# Spin Multiplicities of Ions

The multiplicity is fundamentally defined as $$2S + 1$$ where $$S$$ is the total spin.

From what I understand, the multiplicity corresponds with the number of unpaired/paired electrons. For example, in the case of $$\ce{Cu^2+}$$: The single unpaired electron in $$\ce{Cu^2+}$$ means that $$S=\frac{1}{2} \implies M=2$$.

However, my professor has mentioned that the electrons that give the ion the final charge (positive or negative) can be considered as unpaired, thus in the case of $$\ce{Cu^2+}$$, there are 2 unpaired electrons giving it a triplet $$M=3$$. I am having trouble understand how this arises, both physically and mathematically.

In addition, in the case of polyatomic ions, how do electrons pair? For example, in the case of $$\ce{SO4^2-}$$, looking at the MO digram, all the electrons are paired, including the 2 electrons that give it the final charge. However, I was told that the multiplicity should be 3 as it should be treated as having 2 unpaired electrons. Source: Wikimedia Commons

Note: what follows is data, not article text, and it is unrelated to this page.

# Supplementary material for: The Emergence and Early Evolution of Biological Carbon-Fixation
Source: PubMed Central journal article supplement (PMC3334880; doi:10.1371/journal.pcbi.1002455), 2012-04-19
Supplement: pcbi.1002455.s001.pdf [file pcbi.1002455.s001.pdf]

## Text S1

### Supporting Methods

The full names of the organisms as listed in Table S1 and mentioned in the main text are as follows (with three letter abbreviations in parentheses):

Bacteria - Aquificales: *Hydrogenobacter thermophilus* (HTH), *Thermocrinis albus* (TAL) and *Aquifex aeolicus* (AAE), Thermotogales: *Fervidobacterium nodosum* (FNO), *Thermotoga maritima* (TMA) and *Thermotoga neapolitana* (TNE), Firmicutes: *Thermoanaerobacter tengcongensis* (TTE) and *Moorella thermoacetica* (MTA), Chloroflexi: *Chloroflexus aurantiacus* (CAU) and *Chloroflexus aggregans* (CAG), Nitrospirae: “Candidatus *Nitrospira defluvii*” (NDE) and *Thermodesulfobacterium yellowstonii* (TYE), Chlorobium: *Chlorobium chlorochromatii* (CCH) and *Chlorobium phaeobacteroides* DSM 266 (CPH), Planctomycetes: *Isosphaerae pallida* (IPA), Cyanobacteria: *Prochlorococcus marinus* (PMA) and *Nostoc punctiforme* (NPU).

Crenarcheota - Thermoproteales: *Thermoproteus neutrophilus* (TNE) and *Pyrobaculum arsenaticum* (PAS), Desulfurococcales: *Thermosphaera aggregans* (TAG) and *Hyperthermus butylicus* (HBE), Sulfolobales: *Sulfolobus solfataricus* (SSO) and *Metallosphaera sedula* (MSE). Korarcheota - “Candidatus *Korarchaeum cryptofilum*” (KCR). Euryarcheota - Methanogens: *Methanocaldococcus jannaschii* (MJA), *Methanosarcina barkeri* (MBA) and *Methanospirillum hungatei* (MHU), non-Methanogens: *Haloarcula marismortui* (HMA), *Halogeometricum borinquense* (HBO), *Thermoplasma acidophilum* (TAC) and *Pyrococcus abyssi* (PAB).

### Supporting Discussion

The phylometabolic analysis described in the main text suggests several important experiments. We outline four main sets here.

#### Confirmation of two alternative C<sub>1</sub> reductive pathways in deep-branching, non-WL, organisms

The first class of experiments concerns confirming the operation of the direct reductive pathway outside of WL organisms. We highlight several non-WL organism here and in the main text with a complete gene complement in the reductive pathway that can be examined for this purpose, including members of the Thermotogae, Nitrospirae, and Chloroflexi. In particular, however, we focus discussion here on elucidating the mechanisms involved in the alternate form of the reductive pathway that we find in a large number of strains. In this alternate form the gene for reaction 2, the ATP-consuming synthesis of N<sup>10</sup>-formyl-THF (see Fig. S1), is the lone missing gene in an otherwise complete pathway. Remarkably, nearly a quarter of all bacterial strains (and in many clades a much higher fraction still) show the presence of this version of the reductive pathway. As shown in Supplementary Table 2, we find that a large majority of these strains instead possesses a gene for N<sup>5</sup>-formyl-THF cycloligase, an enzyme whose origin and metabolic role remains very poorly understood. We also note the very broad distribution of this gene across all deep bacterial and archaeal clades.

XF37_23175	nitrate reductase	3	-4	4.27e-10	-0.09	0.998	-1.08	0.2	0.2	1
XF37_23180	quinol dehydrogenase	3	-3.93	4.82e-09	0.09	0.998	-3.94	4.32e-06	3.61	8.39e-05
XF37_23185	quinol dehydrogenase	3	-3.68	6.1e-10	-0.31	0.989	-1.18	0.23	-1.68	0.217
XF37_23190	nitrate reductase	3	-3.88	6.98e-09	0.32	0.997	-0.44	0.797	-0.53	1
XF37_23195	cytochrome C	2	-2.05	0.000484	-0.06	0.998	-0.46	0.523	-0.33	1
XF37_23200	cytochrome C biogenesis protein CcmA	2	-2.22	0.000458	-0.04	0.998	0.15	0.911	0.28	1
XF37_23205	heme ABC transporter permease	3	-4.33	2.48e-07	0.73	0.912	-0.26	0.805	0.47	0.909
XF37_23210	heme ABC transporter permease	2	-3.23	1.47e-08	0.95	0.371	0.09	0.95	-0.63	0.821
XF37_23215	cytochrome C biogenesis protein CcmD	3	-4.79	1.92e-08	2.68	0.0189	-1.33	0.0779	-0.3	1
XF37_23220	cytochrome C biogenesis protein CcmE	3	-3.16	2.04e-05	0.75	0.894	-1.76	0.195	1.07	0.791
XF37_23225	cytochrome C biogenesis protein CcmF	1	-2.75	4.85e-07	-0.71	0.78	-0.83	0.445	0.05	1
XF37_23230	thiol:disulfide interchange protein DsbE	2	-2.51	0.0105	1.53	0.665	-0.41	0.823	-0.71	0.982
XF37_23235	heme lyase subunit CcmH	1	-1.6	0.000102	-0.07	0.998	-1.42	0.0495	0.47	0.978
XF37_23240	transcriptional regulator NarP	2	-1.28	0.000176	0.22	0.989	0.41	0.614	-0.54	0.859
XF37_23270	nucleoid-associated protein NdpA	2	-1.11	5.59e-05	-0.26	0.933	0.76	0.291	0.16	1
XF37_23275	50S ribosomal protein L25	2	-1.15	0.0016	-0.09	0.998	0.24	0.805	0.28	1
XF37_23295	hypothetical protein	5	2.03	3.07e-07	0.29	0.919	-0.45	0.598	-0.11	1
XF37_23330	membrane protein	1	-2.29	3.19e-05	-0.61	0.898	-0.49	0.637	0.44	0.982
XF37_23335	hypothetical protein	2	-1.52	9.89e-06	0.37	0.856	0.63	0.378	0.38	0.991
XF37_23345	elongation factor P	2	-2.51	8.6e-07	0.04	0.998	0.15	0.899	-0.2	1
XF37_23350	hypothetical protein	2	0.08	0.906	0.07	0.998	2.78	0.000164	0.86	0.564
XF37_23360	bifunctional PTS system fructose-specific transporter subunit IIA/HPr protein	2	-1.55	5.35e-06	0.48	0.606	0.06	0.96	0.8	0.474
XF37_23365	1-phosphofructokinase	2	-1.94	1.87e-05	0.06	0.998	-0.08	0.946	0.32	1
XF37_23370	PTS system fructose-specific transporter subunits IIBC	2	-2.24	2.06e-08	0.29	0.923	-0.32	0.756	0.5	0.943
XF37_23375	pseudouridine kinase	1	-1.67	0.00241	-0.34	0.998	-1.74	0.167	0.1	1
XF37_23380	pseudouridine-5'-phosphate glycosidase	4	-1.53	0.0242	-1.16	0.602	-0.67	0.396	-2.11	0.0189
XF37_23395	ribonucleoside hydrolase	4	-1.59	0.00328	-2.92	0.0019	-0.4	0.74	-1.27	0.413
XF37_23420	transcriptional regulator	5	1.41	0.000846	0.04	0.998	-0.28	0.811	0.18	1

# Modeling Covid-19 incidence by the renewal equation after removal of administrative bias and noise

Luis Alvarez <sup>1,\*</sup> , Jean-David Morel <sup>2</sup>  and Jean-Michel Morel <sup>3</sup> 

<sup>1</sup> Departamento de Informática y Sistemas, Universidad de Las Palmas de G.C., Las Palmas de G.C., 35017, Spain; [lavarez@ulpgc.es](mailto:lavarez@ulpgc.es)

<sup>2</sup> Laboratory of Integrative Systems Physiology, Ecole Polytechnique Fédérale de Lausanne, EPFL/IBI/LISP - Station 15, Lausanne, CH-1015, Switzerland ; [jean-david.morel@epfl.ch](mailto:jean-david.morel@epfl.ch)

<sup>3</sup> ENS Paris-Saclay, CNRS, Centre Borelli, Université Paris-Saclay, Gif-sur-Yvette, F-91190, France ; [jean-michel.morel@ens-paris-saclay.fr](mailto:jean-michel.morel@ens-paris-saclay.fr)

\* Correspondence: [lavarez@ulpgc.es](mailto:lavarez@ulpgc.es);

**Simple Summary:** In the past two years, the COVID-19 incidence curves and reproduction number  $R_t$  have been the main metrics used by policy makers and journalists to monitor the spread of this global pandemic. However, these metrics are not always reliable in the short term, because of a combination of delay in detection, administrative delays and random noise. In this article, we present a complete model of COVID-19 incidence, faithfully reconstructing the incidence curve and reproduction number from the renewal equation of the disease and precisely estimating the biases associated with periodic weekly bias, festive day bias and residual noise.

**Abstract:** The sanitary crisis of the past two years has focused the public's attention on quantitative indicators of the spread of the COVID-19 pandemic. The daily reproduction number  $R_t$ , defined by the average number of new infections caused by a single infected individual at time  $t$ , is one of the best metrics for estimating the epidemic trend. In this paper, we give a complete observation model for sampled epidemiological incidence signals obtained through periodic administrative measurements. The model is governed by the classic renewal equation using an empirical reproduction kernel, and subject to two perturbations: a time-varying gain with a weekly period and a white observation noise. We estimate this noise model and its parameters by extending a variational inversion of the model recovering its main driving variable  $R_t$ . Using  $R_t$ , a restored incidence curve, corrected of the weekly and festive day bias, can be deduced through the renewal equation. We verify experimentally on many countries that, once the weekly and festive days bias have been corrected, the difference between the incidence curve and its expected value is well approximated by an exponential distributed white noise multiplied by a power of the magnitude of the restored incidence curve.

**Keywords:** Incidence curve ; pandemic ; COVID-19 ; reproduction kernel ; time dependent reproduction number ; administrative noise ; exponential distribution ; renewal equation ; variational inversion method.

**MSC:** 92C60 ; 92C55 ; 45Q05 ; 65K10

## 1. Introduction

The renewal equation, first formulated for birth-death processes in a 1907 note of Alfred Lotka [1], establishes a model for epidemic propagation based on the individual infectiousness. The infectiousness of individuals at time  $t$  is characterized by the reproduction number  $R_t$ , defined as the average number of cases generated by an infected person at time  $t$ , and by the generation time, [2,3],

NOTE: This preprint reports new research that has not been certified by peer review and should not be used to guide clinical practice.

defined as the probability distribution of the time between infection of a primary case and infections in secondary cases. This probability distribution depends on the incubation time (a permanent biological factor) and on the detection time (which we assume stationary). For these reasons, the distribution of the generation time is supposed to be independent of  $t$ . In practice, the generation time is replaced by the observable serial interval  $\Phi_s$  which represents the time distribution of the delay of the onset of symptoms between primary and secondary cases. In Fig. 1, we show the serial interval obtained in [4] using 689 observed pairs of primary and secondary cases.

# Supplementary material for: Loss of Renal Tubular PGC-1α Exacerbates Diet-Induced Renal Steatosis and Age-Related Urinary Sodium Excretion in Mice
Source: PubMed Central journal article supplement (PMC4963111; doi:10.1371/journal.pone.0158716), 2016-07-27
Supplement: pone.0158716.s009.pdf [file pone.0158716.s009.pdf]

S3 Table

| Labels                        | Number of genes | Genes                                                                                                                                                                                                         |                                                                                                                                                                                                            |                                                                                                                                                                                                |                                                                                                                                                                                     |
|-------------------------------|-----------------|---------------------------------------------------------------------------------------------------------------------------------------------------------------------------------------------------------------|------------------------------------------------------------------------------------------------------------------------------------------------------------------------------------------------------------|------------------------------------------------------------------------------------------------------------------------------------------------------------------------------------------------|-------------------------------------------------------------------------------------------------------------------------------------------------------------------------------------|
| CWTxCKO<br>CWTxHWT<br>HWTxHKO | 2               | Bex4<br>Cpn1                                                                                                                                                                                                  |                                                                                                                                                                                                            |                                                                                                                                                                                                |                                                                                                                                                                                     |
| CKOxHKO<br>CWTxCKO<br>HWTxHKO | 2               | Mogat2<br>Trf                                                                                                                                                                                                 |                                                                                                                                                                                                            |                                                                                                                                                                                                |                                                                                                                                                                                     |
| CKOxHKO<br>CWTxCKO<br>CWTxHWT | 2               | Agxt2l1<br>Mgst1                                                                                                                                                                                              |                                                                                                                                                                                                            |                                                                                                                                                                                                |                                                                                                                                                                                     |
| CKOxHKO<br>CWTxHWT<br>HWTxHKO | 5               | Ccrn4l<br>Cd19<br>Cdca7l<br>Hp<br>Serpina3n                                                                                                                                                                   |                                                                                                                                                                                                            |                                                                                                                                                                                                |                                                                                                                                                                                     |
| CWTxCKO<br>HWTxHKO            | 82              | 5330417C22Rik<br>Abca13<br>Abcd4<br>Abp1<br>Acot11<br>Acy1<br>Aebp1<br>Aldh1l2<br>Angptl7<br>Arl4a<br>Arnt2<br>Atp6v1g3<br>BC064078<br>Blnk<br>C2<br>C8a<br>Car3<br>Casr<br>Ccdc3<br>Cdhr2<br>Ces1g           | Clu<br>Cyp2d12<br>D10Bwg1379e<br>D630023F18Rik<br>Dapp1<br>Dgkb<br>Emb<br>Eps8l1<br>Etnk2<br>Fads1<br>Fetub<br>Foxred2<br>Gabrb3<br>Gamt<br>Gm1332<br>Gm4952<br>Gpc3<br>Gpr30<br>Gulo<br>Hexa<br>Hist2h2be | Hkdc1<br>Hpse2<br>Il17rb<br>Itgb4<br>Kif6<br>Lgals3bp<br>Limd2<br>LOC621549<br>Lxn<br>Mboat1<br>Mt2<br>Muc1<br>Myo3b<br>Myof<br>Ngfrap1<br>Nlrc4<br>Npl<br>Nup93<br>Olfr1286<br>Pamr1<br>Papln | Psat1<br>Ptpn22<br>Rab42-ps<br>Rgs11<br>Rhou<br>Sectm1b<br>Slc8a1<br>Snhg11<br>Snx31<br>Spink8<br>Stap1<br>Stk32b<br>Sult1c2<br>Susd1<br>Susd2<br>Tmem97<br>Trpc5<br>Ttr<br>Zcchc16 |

I am more confused with regard to positive ions, such as $$\ce{Al^3+}$$, as I was told that the positive +3 charge can be regarded as having 3 unpaired electrons and thus $$s=\frac{3}{2}$$ and multiplicity of 4.* Since the electrons have been removed, I am having difficulty understanding where unpaired electrons arise from.

From what I have read, coupling does not affect this, and I cannot seem to find any explanation or equations that might support this. May I know if anyone has an explanation for this? Thank you!

*more accurately, maximum spin where all electrons have parallel spin

• Al3+ does not have any unpaired electrons, thus this cation exists only in the singlet spin state. Jun 8, 2021 at 15:31